By Arthur Kamp, 23 February 2017
Importantly, government revenue is projected to exceed
non-interest spending on the Main Budget by 2018/19. The consolidated budget deficit narrows from -3.4% of GDP in 2016/17 to -2.6% of GDP in 2019/20, while gross loan debt, which investors must fund, is expected to peak at 52.9% of GDP in 2018/19. Meanwhile, the net debt ratio (gross loan debt adjusted for government’s cash balances) is expected to increase to 48.1% of GDP by 2019/20 from 45.5% of GDP at the end of the current tax year. The importance of stabilising the debt position is illustrated by the continued sharp increase in Main Budget debt service costs on this debt from R146.3 billion in 2016/17 to R162.4 billion in 2017/18. This is absorbing scarce resources, which could be used for development expenditure.
Still, to achieve this the Minister needs to cut spending and increase taxes. Revenue raising measures are budgeted to amount to a material R28 billion in 2017/18 (0.6% of current personal total disposable income) and a further R15 billion in 2018/19. The introduction of a new top marginal tax bracket speaks to one of the key underlying themes contained in the Budget, namely addressing inequality. However, the bulk of taxpayers will be hit as the Minister nets R12.1 billion by only partially compensating for fiscal drag in the amount of R2.5 billion, whereas full relief through the adjustment of tax brackets would have amounted to R14.6 billion.
Moreover, although the Minister proposes an increase in the annual tax free savings account allowance from R30 000 to R33 000, which is welcome, the increase in withholding tax on dividends to 20% reduces the return on savings, which is not ideal in an economy with a dearth of domestic savings to fund investment.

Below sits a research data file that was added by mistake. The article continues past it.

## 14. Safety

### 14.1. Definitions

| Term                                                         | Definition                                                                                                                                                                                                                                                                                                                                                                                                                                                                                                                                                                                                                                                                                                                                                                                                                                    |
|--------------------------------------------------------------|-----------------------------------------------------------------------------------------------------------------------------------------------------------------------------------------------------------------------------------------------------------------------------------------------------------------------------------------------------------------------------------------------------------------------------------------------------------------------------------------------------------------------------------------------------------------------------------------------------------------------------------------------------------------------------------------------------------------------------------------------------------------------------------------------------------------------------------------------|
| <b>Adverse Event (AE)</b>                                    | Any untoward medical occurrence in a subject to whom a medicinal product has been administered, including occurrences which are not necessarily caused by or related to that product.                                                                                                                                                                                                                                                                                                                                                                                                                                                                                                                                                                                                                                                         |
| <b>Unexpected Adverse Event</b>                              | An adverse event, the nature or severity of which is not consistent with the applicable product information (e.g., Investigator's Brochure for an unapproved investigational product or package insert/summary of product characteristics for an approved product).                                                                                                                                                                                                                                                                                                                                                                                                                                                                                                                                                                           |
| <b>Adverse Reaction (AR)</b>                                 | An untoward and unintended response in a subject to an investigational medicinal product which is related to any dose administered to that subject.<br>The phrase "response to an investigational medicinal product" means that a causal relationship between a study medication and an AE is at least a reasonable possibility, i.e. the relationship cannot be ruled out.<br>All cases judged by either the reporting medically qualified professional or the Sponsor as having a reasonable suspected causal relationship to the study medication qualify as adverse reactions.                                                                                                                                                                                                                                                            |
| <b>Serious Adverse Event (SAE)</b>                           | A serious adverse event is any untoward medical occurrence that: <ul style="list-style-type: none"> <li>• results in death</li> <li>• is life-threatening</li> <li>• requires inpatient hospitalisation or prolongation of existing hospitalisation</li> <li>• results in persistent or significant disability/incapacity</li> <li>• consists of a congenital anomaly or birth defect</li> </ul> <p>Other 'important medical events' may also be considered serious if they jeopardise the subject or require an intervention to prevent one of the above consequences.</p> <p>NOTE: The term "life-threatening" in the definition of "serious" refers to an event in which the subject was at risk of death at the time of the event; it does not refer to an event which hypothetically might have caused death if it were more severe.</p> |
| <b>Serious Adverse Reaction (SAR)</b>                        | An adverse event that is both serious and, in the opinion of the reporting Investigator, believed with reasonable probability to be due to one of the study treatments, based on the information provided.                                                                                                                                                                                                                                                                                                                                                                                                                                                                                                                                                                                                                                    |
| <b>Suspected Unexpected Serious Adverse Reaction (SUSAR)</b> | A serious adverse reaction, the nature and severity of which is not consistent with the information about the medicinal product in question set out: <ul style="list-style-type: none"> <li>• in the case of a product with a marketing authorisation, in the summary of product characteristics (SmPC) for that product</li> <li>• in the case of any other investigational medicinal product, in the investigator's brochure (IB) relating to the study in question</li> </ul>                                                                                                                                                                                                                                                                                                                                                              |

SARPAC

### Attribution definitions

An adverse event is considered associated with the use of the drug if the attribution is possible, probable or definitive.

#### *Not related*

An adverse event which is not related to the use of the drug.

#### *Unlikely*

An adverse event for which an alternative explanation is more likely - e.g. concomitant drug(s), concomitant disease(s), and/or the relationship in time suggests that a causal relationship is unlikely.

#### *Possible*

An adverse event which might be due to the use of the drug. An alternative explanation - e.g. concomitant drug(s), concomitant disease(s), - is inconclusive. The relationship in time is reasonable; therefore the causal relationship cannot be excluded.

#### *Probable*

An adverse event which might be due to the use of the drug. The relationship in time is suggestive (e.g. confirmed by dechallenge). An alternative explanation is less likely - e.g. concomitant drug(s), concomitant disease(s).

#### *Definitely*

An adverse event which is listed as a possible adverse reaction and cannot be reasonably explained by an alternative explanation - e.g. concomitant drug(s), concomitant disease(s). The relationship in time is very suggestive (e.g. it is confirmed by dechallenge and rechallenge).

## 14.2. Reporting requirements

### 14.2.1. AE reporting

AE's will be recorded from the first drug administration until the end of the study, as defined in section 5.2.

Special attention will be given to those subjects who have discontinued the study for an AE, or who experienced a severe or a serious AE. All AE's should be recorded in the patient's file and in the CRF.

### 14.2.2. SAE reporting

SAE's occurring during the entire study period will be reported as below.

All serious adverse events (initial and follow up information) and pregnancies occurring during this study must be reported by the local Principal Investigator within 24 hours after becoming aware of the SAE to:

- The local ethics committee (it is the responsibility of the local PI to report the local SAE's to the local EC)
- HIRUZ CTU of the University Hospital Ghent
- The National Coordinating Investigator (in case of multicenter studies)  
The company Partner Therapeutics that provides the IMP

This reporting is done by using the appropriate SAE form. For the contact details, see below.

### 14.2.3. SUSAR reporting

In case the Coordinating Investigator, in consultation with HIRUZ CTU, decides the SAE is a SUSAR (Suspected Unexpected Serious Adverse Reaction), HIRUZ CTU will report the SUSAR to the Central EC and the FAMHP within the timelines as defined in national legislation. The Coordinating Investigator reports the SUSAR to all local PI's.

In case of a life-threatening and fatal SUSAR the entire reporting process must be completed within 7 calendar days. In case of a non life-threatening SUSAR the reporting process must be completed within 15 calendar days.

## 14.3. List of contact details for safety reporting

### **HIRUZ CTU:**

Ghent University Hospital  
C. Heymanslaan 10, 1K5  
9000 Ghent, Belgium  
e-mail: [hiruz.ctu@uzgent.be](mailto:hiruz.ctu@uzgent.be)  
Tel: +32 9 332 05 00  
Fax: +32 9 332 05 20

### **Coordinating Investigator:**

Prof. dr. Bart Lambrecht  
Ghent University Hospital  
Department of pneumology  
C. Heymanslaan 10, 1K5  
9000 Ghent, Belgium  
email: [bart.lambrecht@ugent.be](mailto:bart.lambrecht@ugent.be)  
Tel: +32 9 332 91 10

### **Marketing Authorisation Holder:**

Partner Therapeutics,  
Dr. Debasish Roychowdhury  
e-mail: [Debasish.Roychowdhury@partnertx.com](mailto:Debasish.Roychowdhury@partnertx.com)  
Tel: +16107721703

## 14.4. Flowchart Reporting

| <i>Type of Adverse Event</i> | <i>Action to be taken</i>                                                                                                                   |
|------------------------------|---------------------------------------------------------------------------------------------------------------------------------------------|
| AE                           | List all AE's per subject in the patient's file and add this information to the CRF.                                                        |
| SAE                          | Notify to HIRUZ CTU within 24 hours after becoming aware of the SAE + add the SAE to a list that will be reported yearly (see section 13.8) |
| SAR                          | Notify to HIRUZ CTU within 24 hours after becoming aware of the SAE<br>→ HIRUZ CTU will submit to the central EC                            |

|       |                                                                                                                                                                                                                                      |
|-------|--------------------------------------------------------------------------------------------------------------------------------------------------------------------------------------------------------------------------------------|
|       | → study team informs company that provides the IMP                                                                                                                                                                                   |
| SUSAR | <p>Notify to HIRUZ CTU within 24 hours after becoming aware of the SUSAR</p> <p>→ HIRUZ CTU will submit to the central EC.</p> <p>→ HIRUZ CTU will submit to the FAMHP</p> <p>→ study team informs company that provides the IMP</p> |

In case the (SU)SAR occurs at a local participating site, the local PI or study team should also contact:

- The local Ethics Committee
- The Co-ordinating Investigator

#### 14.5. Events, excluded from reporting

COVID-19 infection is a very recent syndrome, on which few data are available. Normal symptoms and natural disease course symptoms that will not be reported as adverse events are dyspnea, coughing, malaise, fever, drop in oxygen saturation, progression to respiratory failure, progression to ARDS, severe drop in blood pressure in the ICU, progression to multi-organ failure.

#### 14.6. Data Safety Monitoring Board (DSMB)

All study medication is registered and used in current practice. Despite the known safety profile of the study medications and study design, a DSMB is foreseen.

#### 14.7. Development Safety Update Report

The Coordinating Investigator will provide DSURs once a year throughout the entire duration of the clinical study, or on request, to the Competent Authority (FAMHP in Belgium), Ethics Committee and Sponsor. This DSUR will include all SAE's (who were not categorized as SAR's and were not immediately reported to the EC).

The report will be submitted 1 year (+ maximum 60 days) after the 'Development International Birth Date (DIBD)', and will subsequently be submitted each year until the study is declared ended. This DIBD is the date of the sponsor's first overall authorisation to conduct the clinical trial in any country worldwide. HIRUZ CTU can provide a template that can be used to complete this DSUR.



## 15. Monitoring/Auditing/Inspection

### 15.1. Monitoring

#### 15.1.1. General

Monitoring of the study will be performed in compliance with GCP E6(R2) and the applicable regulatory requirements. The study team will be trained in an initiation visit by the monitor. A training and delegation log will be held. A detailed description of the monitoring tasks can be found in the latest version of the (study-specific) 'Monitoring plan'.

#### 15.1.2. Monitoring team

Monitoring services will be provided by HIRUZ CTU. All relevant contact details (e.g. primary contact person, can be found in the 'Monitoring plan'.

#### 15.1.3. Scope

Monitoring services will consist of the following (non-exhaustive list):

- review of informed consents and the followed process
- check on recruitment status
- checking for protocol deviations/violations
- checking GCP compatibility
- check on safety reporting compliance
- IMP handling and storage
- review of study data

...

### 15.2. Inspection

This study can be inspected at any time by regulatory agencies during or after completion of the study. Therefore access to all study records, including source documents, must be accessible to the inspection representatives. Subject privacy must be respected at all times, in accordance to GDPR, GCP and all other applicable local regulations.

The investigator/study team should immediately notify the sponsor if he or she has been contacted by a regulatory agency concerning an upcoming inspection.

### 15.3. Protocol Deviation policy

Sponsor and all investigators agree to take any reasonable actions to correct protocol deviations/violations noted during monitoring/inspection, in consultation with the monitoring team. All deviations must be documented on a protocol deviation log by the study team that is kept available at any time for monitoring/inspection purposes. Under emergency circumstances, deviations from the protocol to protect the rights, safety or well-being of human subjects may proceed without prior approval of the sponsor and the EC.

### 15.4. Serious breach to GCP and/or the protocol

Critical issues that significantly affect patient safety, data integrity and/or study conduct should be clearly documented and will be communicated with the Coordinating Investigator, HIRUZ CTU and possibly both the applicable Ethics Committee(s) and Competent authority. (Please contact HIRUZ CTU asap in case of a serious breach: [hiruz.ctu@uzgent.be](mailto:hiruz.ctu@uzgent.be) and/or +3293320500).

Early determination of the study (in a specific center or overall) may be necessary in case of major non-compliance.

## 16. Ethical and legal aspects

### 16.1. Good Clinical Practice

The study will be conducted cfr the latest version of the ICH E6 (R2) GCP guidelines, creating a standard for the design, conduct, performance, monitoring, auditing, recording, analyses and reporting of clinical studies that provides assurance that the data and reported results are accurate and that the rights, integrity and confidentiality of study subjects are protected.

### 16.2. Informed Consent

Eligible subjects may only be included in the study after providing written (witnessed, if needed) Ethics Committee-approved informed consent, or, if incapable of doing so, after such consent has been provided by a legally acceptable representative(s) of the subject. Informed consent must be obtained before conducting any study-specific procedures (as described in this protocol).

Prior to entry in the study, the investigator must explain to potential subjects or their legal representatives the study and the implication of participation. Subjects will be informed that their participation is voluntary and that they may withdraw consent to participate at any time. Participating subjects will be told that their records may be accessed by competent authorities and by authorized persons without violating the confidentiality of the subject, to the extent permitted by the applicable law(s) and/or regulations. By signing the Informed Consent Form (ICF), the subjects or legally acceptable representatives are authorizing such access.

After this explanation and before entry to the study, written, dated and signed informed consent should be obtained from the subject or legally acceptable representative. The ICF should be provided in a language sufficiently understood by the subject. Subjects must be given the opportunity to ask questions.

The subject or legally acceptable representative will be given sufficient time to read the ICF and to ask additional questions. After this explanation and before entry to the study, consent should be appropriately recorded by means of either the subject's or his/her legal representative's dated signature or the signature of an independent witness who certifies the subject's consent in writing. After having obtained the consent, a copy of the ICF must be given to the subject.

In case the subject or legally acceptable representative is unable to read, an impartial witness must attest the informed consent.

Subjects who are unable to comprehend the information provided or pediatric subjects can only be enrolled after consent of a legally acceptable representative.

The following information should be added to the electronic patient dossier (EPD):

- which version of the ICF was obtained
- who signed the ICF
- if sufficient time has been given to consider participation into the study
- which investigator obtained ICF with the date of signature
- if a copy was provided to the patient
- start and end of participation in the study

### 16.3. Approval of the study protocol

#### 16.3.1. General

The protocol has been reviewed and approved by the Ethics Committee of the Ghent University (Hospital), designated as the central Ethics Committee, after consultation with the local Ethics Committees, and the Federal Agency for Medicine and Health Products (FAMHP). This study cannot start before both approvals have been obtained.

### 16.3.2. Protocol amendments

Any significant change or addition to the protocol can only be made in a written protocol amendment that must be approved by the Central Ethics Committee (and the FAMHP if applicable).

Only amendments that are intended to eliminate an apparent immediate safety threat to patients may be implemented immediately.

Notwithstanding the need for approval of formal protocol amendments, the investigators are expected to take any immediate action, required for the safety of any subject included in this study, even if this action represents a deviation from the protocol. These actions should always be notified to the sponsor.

Total proposed tax increases on income and wealth (accumulated savings) in the form of personal income tax and withholding tax on dividends amount to R 23.338 billion in 2017/18, while R0.448 billion in relief is granted on transfer duties on property. Proposed indirect taxes, which theoretically, discourage consumption and promote savings amount to R5.133 billion in the tax year ahead. This includes a whopping 39 cents per litre increase in the taxes on fuel (a 30 c per litre increase in the general fuel levy plus a 9 cents per litre increase in the RAF levy), as well as increases totalling R1.936 billion in excise duties on tobacco products and alcoholic beverages.
Hence, the tax system has been increasingly skewed towards direct taxes which discourage work, saving and investment.
Meanwhile, the National Treasury is building an impressive track record in containing government expenditure. Although the Minister announced spending cuts of R26 billion over the next two years, this amount is over and above the R25 billion of expenditure cuts announced for 2017/18 and 2018/19 when the Budget was read in February 2016. Hence, cumulative expenditure cutting measures announced relative to the
original 2016 Budget expenditure projections amount to R51 billion over the next two years.
Overall, the Minister has delivered a credible Budget, but questions remain around long-term fiscal sustainability. There is no room for a downturn in growth (indeed the budget relies on a sustained economic upswing) and there is no room for spending on NHI (although the Minister indicated a review of medical tax credits to possibly help with funding down the line).
Also, the public sector borrowing requirement (consolidated government plus local authorities plus state-owned companies) is large at a projected 5.3% of GDP in 2017/18 (5.8% of GDP in 2016/17). Moreover, government’s contingent liabilities continue to increase as government’s
exposure to debt guarantees is estimated at R308.3 billion at end fiscal year 2016/17 (materially higher than the R255.8 billion as at end fiscal year 2015/16). Of this amount exposure to Eskom is the largest at R218.2 billion, followed by SANRAL at R30.1 billion and the Trans-Caledon Tunnel Authority at R20.7 billion.
As the Minister notes, we are at the crossroads. We have been here for quite some time. The right direction from here is decisive implementation of economic reform measures to lift potential GDP growth materially.